Trump's outsourcing stance echoed liberal former Democratic presidential candidate and H-1B critic Bernie Sanders' position, and it reflects how the H-1B issue doesn't break down along traditional political lines.

The program has been popular among the biggest Silicon Valley tech companies, such as Facebook, Apple and Google, which rely heavily on H-1B workers.

H-1B critic

You've got to be careful about saying there's a shortage of American workers. There's a shortage of Americans willing to work for H-1B wages.
Ron Hiraassociate professor of public policy at Howard University

But ending the random lottery approach could force companies like Cerner to pay more for software developer jobs if the employers want to "win" H-1B lotteries, said Ron Hira, associate professor of public policy at Howard University in Washington, D.C., and a prominent critic of the program.

"You've got to be careful about saying there's a shortage of American workers. There's a shortage of Americans willing to work for H-1B wages," Hira said in an interview. "H-1B allows you to legally pay a lot less than the market wage, and you'd be stupid not to take advantage of that if you're an employer."

Besides Cerner, no other exclusively health IT companies are in the top 100 corporate H-1B users, though outsourcing companies that dominate the top 100 list, such as the ones Trump mentioned -- Tata Consultancy Services, Infosys and Cognizant -- do business in healthcare, particularly with insurance payers.

Cerner not only EHR vendor with H-1Bs

Other EHR vendors that rely heavily on temporary foreign workers for healthcare software developer jobs include Epic Systems Corp., Allscripts and eClinicalWorks.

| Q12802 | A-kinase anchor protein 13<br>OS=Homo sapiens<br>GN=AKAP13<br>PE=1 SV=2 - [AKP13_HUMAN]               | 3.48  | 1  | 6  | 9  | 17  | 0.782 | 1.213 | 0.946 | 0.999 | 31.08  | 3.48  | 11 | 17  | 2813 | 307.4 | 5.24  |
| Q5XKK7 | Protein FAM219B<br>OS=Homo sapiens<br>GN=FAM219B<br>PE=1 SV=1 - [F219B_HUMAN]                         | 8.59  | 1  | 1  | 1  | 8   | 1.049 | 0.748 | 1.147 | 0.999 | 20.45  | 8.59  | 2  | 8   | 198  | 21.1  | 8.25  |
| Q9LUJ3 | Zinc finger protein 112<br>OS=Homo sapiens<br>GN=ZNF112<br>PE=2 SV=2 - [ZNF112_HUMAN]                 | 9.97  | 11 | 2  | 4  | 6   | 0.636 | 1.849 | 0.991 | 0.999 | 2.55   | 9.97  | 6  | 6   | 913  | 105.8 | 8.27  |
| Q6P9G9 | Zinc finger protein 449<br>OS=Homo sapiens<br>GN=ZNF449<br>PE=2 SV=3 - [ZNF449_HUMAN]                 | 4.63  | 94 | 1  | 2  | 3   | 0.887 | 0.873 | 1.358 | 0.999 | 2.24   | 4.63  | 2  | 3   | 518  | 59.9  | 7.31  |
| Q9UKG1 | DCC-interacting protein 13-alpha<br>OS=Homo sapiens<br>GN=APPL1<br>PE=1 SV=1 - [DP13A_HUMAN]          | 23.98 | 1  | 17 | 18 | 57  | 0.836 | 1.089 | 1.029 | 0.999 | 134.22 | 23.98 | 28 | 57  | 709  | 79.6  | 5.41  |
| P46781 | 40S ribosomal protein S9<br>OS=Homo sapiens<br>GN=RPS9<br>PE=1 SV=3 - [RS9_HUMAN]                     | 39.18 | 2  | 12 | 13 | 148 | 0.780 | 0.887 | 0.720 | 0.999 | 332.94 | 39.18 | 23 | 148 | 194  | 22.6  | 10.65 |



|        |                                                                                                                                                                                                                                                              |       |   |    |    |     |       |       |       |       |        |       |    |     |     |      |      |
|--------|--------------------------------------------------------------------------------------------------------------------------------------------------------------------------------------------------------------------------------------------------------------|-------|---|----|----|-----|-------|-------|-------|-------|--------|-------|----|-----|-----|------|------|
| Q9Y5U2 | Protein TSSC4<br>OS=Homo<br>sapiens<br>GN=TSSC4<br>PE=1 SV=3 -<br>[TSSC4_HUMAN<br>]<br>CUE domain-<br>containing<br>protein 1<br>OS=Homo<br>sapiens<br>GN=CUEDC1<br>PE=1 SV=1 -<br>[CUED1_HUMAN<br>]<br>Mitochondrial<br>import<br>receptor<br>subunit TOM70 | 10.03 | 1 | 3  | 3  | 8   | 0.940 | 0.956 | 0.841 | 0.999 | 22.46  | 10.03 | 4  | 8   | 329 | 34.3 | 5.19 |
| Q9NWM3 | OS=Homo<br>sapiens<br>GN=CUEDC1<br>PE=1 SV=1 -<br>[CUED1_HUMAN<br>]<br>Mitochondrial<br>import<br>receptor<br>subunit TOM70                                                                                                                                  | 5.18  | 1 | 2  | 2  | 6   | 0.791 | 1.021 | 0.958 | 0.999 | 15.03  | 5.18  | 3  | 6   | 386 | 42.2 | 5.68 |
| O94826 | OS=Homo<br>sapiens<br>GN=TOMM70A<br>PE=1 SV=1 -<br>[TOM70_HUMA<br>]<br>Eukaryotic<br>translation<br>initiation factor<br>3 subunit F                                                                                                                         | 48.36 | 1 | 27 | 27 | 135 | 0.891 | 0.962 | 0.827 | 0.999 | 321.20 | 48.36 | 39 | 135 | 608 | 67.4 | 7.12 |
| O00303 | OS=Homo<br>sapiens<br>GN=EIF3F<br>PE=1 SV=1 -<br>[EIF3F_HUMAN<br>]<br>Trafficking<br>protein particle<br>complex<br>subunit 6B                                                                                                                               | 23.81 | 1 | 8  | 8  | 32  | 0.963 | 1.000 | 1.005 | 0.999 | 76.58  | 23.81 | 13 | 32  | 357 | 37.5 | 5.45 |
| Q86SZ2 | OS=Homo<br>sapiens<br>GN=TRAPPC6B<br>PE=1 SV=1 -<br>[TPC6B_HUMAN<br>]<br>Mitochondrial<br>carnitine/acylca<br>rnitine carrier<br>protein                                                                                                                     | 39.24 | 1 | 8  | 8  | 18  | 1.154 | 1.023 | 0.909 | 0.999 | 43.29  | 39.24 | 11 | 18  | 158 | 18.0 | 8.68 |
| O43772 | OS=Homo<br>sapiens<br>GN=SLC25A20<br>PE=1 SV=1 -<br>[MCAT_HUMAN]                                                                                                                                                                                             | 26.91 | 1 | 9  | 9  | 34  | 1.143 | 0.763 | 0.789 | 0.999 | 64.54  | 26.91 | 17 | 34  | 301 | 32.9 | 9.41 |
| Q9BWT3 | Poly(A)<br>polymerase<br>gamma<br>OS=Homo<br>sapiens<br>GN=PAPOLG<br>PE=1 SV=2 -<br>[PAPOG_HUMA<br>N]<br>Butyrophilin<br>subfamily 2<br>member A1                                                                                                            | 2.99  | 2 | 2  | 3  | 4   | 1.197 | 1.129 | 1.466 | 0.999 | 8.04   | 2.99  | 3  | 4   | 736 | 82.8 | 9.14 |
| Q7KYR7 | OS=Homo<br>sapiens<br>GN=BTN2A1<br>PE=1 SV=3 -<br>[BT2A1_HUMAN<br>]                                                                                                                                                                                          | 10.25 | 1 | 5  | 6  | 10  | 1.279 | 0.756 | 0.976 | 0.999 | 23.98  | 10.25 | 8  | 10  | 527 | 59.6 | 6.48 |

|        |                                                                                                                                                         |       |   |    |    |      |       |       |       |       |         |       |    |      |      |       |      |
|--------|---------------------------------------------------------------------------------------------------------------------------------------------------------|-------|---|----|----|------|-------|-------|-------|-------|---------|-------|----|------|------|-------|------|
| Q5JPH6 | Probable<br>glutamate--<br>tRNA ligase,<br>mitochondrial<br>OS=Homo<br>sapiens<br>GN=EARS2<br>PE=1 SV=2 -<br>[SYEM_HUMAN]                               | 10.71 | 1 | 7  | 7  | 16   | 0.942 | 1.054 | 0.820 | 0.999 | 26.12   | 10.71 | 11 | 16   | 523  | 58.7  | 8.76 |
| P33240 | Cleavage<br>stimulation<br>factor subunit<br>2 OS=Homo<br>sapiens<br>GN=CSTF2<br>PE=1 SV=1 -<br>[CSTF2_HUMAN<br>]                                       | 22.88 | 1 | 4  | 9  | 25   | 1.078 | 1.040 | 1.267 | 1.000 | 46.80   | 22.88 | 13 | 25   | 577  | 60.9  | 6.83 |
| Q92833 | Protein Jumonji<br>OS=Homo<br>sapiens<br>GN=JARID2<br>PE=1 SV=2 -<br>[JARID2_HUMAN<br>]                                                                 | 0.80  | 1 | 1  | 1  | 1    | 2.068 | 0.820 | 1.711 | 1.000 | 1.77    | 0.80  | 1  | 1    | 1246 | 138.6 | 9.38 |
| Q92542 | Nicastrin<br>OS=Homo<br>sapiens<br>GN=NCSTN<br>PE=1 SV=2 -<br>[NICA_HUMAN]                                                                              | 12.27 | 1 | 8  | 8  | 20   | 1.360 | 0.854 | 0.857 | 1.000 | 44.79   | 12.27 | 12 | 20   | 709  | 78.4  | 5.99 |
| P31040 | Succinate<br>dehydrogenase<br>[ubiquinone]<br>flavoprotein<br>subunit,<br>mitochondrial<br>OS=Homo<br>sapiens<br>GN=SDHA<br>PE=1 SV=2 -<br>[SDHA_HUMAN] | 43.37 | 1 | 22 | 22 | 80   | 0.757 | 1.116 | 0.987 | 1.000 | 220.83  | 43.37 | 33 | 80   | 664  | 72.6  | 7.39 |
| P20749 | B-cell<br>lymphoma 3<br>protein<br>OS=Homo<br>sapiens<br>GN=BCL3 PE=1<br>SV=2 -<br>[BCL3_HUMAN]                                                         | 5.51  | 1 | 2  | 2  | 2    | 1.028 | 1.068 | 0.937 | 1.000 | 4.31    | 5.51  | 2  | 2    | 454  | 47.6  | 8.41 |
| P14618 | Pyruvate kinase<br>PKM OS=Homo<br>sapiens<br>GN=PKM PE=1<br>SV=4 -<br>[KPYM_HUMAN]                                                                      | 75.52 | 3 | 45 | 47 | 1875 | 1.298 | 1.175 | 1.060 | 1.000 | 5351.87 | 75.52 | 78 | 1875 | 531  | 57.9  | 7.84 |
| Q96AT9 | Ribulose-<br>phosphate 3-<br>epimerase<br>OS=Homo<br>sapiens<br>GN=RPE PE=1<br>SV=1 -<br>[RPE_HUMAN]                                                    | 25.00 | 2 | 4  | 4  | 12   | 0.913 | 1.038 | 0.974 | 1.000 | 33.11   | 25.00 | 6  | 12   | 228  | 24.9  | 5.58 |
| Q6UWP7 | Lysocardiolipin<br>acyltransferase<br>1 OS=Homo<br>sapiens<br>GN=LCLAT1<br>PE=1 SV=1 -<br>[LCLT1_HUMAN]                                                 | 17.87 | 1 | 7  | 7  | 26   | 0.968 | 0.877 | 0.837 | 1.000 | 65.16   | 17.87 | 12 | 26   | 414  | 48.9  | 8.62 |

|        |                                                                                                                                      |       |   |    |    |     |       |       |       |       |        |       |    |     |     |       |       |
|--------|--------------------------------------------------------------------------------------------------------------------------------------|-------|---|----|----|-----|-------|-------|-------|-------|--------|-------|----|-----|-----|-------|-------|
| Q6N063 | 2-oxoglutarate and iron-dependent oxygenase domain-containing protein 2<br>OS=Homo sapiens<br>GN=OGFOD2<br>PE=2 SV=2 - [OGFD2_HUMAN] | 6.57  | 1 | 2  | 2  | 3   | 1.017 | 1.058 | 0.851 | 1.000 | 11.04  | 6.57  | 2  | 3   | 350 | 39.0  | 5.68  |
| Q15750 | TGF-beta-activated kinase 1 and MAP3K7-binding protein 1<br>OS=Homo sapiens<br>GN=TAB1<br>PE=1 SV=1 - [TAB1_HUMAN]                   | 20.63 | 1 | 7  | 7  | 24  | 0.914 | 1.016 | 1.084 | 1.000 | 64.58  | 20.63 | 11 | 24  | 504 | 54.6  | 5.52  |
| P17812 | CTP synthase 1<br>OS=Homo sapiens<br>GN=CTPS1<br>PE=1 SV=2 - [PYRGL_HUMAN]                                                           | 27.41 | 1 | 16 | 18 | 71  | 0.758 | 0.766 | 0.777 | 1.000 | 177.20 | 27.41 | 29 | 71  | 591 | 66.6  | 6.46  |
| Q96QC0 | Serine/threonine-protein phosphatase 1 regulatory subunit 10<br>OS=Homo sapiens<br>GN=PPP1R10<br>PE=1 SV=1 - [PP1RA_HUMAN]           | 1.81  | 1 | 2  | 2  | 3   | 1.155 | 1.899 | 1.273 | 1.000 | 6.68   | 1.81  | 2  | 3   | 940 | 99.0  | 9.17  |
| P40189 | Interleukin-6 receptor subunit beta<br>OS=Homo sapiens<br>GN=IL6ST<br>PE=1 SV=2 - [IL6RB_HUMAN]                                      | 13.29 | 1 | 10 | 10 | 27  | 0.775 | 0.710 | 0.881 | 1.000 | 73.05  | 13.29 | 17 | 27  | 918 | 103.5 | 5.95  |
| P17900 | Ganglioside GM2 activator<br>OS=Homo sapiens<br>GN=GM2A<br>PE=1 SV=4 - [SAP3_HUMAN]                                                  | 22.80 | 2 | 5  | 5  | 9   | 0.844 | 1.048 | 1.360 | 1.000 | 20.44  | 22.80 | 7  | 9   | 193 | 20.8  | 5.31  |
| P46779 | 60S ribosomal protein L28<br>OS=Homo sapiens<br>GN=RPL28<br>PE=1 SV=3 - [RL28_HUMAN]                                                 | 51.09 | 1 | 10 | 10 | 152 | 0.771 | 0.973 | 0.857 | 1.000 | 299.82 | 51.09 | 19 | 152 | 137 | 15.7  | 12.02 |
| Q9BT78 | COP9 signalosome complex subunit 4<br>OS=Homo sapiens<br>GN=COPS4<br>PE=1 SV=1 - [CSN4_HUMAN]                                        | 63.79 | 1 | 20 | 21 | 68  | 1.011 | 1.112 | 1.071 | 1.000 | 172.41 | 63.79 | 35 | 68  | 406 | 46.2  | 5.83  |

A spokeswoman for Epic declined comment on the company's use of foreign guest workers, which, while less intensive than Cerner's, is considerable. The Verona, Wis., vendor likely needs fewer foreign workers because of its direct hiring pipeline from the University of Wisconsin in neighboring Madison.

Two of the leading ambulatory EHR vendors, eClinicalWorks and athenahealth, Inc., did not respond to repeated requests for comment.

Based in Westborough, Mass., eClinicalWorks ranked second to Cerner among health IT vendors over the last five years in number of H-1B visas it sponsored, though it is a much smaller company. Founded by an Indian immigrant, Girish Navani, eClinicalWorks employs hundreds of Indian H-1B workers and outsources much of its technical support to India.

Nearly 70% of H-1B workers are from India, with the second biggest group coming from China -- about 12%, according to The New York Times.

One of eClinicalWorks' main competitors, athenahealth, has sponsored relatively few H-1Bs, but the Watertown, Mass., firm relies heavily on outsourcing to India for billing and other services.

Providers and H-1B

Healthcare systems are not as dependent on H-1B guest workers as the biggest health IT vendors and are not as likely to be affected by Trump's proposed changes because they are already paying guest workers in the higher salary range.

For example, in 2016, healthcare software developer jobs with an average salary of $77,165 accounted for 335,052 H-1B applications, while hospital jobs such as physician made up 7,765 H-1B applications for jobs with an average salary of $123,860, according to myvisajobs.com.

Teaching hospitals, however, are among nonprofit organizations that are granted an unlimited number of H-1B visas, unlike private industry, for which H-1Bs are capped at 65,000 a year.

For health IT vendors such as Cerner, if changes to H-1B envisioned by Trump go through, costs will likely go up and customers would feel the effects.

"You've got to take it out of somewhere, whether it's higher prices for software, or less research and development," Moore said.